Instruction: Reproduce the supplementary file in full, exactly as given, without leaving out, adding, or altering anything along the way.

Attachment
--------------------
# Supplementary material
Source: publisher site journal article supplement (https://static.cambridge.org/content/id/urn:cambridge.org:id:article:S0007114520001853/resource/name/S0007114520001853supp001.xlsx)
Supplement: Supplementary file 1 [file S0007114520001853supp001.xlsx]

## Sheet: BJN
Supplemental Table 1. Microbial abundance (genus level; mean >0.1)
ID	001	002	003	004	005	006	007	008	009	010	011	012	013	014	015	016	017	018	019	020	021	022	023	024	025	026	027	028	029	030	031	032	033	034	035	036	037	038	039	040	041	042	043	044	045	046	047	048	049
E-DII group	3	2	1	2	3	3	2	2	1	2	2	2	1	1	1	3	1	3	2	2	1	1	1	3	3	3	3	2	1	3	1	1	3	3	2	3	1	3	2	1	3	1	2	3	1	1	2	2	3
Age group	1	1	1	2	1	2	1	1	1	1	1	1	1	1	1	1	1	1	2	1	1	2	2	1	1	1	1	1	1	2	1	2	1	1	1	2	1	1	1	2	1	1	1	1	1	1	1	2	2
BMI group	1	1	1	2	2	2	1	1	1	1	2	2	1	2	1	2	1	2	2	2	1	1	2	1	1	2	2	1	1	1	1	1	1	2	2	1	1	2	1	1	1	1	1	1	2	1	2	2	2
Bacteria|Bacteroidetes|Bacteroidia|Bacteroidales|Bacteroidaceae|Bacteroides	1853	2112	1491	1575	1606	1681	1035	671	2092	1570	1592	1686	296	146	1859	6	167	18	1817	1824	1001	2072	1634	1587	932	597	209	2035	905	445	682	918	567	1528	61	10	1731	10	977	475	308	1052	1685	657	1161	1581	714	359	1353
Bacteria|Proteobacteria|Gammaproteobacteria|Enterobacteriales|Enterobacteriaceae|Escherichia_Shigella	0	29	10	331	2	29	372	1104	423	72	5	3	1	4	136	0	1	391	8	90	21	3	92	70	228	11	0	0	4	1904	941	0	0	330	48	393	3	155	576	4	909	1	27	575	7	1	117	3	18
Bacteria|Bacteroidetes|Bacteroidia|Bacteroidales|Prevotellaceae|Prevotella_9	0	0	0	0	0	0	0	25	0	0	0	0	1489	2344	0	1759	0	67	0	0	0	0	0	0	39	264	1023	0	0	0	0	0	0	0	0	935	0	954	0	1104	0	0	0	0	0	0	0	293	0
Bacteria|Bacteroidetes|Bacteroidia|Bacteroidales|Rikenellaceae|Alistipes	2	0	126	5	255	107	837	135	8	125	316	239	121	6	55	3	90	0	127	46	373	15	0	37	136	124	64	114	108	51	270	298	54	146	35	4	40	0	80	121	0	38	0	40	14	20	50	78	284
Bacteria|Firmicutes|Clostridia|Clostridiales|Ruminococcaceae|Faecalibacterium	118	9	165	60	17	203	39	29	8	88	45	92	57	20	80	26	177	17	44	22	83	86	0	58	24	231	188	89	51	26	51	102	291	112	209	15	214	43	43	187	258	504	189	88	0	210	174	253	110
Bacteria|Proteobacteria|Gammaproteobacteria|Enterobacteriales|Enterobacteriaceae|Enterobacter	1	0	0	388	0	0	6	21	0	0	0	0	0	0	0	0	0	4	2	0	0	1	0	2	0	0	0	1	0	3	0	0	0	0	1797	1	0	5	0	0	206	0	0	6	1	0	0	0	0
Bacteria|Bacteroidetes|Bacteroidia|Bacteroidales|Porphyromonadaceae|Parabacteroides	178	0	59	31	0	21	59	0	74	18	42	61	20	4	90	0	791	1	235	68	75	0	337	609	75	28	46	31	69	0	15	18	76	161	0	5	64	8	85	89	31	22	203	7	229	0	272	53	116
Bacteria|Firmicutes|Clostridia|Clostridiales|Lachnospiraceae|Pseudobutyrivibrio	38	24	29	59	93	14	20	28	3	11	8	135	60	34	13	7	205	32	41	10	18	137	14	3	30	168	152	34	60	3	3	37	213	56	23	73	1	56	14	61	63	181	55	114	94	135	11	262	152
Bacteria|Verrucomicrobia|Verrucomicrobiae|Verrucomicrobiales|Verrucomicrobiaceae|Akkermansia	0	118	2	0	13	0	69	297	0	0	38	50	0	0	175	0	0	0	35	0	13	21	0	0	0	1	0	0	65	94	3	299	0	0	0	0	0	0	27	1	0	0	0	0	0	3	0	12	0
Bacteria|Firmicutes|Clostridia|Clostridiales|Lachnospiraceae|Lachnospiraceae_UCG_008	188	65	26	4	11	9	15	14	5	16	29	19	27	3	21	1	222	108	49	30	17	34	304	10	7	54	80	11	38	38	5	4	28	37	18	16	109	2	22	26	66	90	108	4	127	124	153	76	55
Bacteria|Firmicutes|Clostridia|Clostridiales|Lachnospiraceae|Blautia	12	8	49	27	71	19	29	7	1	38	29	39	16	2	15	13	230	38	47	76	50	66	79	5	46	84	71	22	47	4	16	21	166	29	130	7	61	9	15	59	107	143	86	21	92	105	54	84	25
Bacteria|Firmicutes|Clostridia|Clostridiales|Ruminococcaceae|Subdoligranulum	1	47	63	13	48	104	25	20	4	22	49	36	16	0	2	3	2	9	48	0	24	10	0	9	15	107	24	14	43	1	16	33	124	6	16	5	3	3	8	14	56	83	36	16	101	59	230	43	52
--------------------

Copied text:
# Supplementary material
Source: publisher site journal article supplement (https://static.cambridge.org/content/id/urn:cambridge.org:id:article:S0007114520001853/resource/name/S0007114520001853supp001.xlsx)
Supplement: Supplementary file 1 [file S0007114520001853supp001.xlsx]

## Sheet: BJN
Supplemental Table 1. Microbial abundance (genus level; mean >0.1)
ID	001	002	003	004	005	006	007	008	009	010	011	012	013	014	015	016	017	018	019	020	021	022	023	024	025	026	027	028	029	030	031	032	033	034	035	036	037	038	039	040	041	042	043	044	045	046	047	048	049
E-DII group	3	2	1	2	3	3	2	2	1	2	2	2	1	1	1	3	1	3	2	2	1	1	1	3	3	3	3	2	1	3	1	1	3	3	2	3	1	3	2	1	3	1	2	3	1	1	2	2	3
Age group	1	1	1	2	1	2	1	1	1	1	1	1	1	1	1	1	1	1	2	1	1	2	2	1	1	1	1	1	1	2	1	2	1	1	1	2	1	1	1	2	1	1	1	1	1	1	1	2	2
BMI group	1	1	1	2	2	2	1	1	1	1	2	2	1	2	1	2	1	2	2	2	1	1	2	1	1	2	2	1	1	1	1	1	1	2	2	1	1	2	1	1	1	1	1	1	2	1	2	2	2
Bacteria|Bacteroidetes|Bacteroidia|Bacteroidales|Bacteroidaceae|Bacteroides	1853	2112	1491	1575	1606	1681	1035	671	2092	1570	1592	1686	296	146	1859	6	167	18	1817	1824	1001	2072	1634	1587	932	597	209	2035	905	445	682	918	567	1528	61	10	1731	10	977	475	308	1052	1685	657	1161	1581	714	359	1353
Bacteria|Proteobacteria|Gammaproteobacteria|Enterobacteriales|Enterobacteriaceae|Escherichia_Shigella	0	29	10	331	2	29	372	1104	423	72	5	3	1	4	136	0	1	391	8	90	21	3	92	70	228	11	0	0	4	1904	941	0	0	330	48	393	3	155	576	4	909	1	27	575	7	1	117	3	18
Bacteria|Bacteroidetes|Bacteroidia|Bacteroidales|Prevotellaceae|Prevotella_9	0	0	0	0	0	0	0	25	0	0	0	0	1489	2344	0	1759	0	67	0	0	0	0	0	0	39	264	1023	0	0	0	0	0	0	0	0	935	0	954	0	1104	0	0	0	0	0	0	0	293	0
Bacteria|Bacteroidetes|Bacteroidia|Bacteroidales|Rikenellaceae|Alistipes	2	0	126	5	255	107	837	135	8	125	316	239	121	6	55	3	90	0	127	46	373	15	0	37	136	124	64	114	108	51	270	298	54	146	35	4	40	0	80	121	0	38	0	40	14	20	50	78	284
Bacteria|Firmicutes|Clostridia|Clostridiales|Ruminococcaceae|Faecalibacterium	118	9	165	60	17	203	39	29	8	88	45	92	57	20	80	26	177	17	44	22	83	86	0	58	24	231	188	89	51	26	51	102	291	112	209	15	214	43	43	187	258	504	189	88	0	210	174	253	110
Bacteria|Proteobacteria|Gammaproteobacteria|Enterobacteriales|Enterobacteriaceae|Enterobacter	1	0	0	388	0	0	6	21	0	0	0	0	0	0	0	0	0	4	2	0	0	1	0	2	0	0	0	1	0	3	0	0	0	0	1797	1	0	5	0	0	206	0	0	6	1	0	0	0	0
Bacteria|Bacteroidetes|Bacteroidia|Bacteroidales|Porphyromonadaceae|Parabacteroides	178	0	59	31	0	21	59	0	74	18	42	61	20	4	90	0	791	1	235	68	75	0	337	609	75	28	46	31	69	0	15	18	76	161	0	5	64	8	85	89	31	22	203	7	229	0	272	53	116
Bacteria|Firmicutes|Clostridia|Clostridiales|Lachnospiraceae|Pseudobutyrivibrio	38	24	29	59	93	14	20	28	3	11	8	135	60	34	13	7	205	32	41	10	18	137	14	3	30	168	152	34	60	3	3	37	213	56	23	73	1	56	14	61	63	181	55	114	94	135	11	262	152
Bacteria|Verrucomicrobia|Verrucomicrobiae|Verrucomicrobiales|Verrucomicrobiaceae|Akkermansia	0	118	2	0	13	0	69	297	0	0	38	50	0	0	175	0	0	0	35	0	13	21	0	0	0	1	0	0	65	94	3	299	0	0	0	0	0	0	27	1	0	0	0	0	0	3	0	12	0
Bacteria|Firmicutes|Clostridia|Clostridiales|Lachnospiraceae|Lachnospiraceae_UCG_008	188	65	26	4	11	9	15	14	5	16	29	19	27	3	21	1	222	108	49	30	17	34	304	10	7	54	80	11	38	38	5	4	28	37	18	16	109	2	22	26	66	90	108	4	127	124	153	76	55
Bacteria|Firmicutes|Clostridia|Clostridiales|Lachnospiraceae|Blautia	12	8	49	27	71	19	29	7	1	38	29	39	16	2	15	13	230	38	47	76	50	66	79	5	46	84	71	22	47	4	16	21	166	29	130	7	61	9	15	59	107	143	86	21	92	105	54	84	25
Bacteria|Firmicutes|Clostridia|Clostridiales|Ruminococcaceae|Subdoligranulum	1	47	63	13	48	104	25	20	4	22	49	36	16	0	2	3	2	9	48	0	24	10	0	9	15	107	24	14	43	1	16	33	124	6	16	5	3	3	8	14	56	83	36	16	101	59	230	43	52